Canine Parvovirus (P – Parvo)

Especially in pups and adult dogs that have not received vaccinations, the canine parvovirus is an extremely dangerous, highly contagious infection that can quickly turn fatal for many canines. When parvovirus infects your dog, it causes rapid protein and fluid loss, vomiting, diarrhea, and lack of appetite. The only effective treatment for this illness, which inhibits your dog’s GI system from adequately absorbing the nutrients your dog needs to keep healthy, is frequently hospitalization and intensive care.

Parvovirus has been demonstrated to be extremely resistant to several standard disinfectants and cleaning agents, and it can survive on surfaces (even soil) for up to a year. So even a simple walk around the block with your unvaccinated puppy could turn into a very serious veterinarian emergency.

Puppies receive the DHPP 5-in-1 vaccine in a series of shots beginning at around 6 weeks of age and continuing every 2 to 4 weeks until the puppy is 16 weeks old. Depending on your veterinarian’s advice, all mature dogs should get a booster dose of the DHPP vaccine either every year or every three years.

With the DHPP 5-in-1 vaccine, you can protect your puppy or adult dog against 5 dangerous conditions for the least amount of money and suffering for your pet.

Preventive Care at Spring House Animal Hospital

Vaccinations are an essential part of your dog’s annual preventive care schedule, and we at Spring House Animal Hospital in Ambler think that preventive care is the best way to ensure that your canine companion has a long and healthy life.

Please take note that the information in this page is for informational purposes only and does not constitute medical advice for animals. Please schedule an appointment with your veterinarian for a precise diagnosis of your pet’s illness.

What are the three dog vaccinations?

Numerous ailments that affect pets can be prevented using vaccines. One of the simplest ways to ensure that your pet has a long and healthy life has long been to vaccinate him. There are numerous types and combinations of vaccines in addition to distinct vaccines for various diseases. Every pet should assess the risks and advantages of vaccination against his lifestyle and overall health. Your veterinarian may choose the vaccination schedule that will offer your particular animal the safest and best protection.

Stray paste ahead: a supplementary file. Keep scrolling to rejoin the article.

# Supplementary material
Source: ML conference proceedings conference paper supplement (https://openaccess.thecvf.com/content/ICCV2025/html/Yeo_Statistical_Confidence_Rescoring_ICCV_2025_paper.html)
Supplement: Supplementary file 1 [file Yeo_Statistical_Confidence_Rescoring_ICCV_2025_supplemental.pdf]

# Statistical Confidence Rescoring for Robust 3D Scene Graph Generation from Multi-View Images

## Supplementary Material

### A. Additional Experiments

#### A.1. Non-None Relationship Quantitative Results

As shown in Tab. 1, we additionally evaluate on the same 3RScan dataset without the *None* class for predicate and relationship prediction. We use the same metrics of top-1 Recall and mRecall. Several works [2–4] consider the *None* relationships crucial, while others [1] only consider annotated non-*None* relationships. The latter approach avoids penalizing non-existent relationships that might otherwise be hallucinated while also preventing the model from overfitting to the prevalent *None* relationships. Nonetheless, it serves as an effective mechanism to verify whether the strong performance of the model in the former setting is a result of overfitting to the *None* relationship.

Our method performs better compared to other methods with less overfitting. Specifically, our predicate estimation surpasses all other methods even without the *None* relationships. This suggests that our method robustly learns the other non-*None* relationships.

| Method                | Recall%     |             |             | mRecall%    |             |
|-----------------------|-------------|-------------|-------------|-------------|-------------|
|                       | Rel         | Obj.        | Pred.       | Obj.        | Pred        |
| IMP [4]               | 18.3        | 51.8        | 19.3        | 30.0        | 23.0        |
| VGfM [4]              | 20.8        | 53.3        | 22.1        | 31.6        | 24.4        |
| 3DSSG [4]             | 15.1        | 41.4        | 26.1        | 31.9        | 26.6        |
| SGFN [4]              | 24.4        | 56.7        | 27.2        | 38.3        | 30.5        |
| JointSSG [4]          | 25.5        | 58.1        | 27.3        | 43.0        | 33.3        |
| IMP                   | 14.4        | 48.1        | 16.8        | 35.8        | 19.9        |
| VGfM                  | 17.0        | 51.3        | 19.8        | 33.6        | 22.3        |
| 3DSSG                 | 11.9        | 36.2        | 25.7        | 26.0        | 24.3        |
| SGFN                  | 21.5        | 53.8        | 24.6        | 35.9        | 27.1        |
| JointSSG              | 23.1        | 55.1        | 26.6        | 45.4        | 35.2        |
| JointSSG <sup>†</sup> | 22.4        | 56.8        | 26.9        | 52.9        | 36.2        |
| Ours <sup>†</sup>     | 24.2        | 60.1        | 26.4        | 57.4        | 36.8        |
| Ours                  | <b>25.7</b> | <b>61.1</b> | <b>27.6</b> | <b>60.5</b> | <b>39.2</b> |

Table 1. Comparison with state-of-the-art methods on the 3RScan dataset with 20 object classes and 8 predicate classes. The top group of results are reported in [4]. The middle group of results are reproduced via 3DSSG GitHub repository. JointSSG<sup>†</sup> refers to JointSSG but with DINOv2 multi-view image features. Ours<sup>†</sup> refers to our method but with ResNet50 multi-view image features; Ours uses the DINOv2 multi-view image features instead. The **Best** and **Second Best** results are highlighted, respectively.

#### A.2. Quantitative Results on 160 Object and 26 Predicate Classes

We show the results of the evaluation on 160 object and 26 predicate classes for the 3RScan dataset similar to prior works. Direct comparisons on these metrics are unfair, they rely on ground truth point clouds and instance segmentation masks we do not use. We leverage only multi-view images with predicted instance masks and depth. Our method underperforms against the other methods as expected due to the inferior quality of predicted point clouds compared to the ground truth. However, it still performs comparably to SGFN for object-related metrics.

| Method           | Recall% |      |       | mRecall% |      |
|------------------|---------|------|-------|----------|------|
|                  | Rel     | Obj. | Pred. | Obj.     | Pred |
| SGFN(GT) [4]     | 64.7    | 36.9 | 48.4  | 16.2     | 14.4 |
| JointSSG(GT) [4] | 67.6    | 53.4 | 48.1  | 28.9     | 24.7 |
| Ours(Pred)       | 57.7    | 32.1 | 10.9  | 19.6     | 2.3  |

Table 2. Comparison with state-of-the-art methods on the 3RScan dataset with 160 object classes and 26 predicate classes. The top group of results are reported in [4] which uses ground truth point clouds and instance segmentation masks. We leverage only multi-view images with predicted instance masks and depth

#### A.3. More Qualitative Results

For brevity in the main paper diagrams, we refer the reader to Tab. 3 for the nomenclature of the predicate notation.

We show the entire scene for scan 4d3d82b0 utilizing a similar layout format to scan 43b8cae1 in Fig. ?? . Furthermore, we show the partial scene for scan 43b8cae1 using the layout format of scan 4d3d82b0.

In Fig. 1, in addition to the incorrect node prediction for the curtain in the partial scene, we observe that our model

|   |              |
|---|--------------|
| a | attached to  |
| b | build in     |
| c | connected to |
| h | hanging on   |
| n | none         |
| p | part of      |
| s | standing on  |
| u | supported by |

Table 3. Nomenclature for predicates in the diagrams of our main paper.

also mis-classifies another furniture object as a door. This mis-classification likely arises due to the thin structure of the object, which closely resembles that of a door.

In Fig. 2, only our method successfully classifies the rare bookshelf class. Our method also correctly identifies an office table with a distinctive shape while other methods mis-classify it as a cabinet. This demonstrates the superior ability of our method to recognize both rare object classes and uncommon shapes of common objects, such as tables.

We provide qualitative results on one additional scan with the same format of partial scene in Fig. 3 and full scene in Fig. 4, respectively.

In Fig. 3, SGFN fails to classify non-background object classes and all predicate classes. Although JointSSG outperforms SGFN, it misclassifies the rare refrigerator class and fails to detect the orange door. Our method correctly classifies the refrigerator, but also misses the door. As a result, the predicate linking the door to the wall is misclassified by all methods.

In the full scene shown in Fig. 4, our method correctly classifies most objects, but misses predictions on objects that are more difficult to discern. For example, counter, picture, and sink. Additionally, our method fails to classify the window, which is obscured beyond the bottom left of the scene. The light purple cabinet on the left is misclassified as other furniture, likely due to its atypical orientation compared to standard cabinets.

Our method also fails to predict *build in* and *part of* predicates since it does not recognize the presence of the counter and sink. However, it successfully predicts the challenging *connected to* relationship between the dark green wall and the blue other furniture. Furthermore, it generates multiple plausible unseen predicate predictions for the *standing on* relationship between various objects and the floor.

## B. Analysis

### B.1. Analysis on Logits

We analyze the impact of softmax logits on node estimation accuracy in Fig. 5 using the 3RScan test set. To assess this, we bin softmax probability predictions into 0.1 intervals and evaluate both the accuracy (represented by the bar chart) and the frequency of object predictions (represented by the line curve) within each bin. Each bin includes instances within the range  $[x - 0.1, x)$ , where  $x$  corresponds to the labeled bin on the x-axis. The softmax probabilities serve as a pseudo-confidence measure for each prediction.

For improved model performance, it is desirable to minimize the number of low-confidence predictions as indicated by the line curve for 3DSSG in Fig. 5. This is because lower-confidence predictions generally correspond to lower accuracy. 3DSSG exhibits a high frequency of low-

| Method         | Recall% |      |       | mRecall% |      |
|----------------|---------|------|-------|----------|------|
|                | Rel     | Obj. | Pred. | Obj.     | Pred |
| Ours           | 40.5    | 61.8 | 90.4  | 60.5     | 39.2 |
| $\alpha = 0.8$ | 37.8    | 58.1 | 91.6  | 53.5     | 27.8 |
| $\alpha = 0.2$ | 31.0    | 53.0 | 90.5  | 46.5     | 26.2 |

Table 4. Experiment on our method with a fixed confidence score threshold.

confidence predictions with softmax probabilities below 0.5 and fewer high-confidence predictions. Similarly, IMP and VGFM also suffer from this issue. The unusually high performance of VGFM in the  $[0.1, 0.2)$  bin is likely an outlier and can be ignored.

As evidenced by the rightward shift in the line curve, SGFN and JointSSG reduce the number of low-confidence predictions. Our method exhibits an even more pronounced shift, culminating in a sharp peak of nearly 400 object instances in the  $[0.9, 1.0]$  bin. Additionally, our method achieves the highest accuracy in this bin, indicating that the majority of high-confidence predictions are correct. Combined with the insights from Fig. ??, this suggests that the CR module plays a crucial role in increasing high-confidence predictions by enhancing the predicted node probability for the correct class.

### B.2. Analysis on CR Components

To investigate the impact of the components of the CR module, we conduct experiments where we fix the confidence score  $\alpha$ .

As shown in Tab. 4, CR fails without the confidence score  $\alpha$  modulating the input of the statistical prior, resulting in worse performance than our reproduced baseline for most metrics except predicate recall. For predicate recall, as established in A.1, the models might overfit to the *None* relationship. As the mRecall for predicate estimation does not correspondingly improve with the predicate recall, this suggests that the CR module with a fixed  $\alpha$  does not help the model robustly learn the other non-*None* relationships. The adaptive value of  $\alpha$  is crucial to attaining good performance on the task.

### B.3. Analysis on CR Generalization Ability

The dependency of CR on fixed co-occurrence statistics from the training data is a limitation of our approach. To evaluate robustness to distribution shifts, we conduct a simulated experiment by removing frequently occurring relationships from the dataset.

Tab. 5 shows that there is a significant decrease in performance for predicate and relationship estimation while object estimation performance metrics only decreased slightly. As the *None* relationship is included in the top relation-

Understanding Vaccines

Immune systems can be strengthened through vaccinations to fend off the invasion of pathogenic organisms. Antigens are substances found in vaccines that, to the immune system, mimic the disease-causing organism but do not really cause disease. The immune system is only moderately stimulated when the vaccination is administered to the body. If a pet ever comes into contact with the actual illness, his immune system is now equipped to recognize it, eliminate it, or lessen the severity of the condition.

Vaccinations are crucial for maintaining your pet’s health. Having said that, not all pets require vaccinations against all diseases. It is crucial to discuss the proper immunization schedule for your pet with your veterinarian. Age, medical history, environment, travel patterns, and way of life are some factors that need to be taken into consideration. The majority of veterinarians strongly advise giving basic vaccinations to healthy pets.

Core Vaccines

Based on exposure risk, disease severity, or human transmission potential, core vaccinations are deemed essential for all pets.

For dogs, the canine parvovirus, canine distemper, canine hepatitis, and canine rabies vaccines are regarded as basic vaccines. Depending on the exposure risk to the dog, non-core vaccinations are provided. These include immunizations against the pathogens Leptospira, Borrelia burgdorferi, and Bordetella bronchiseptica.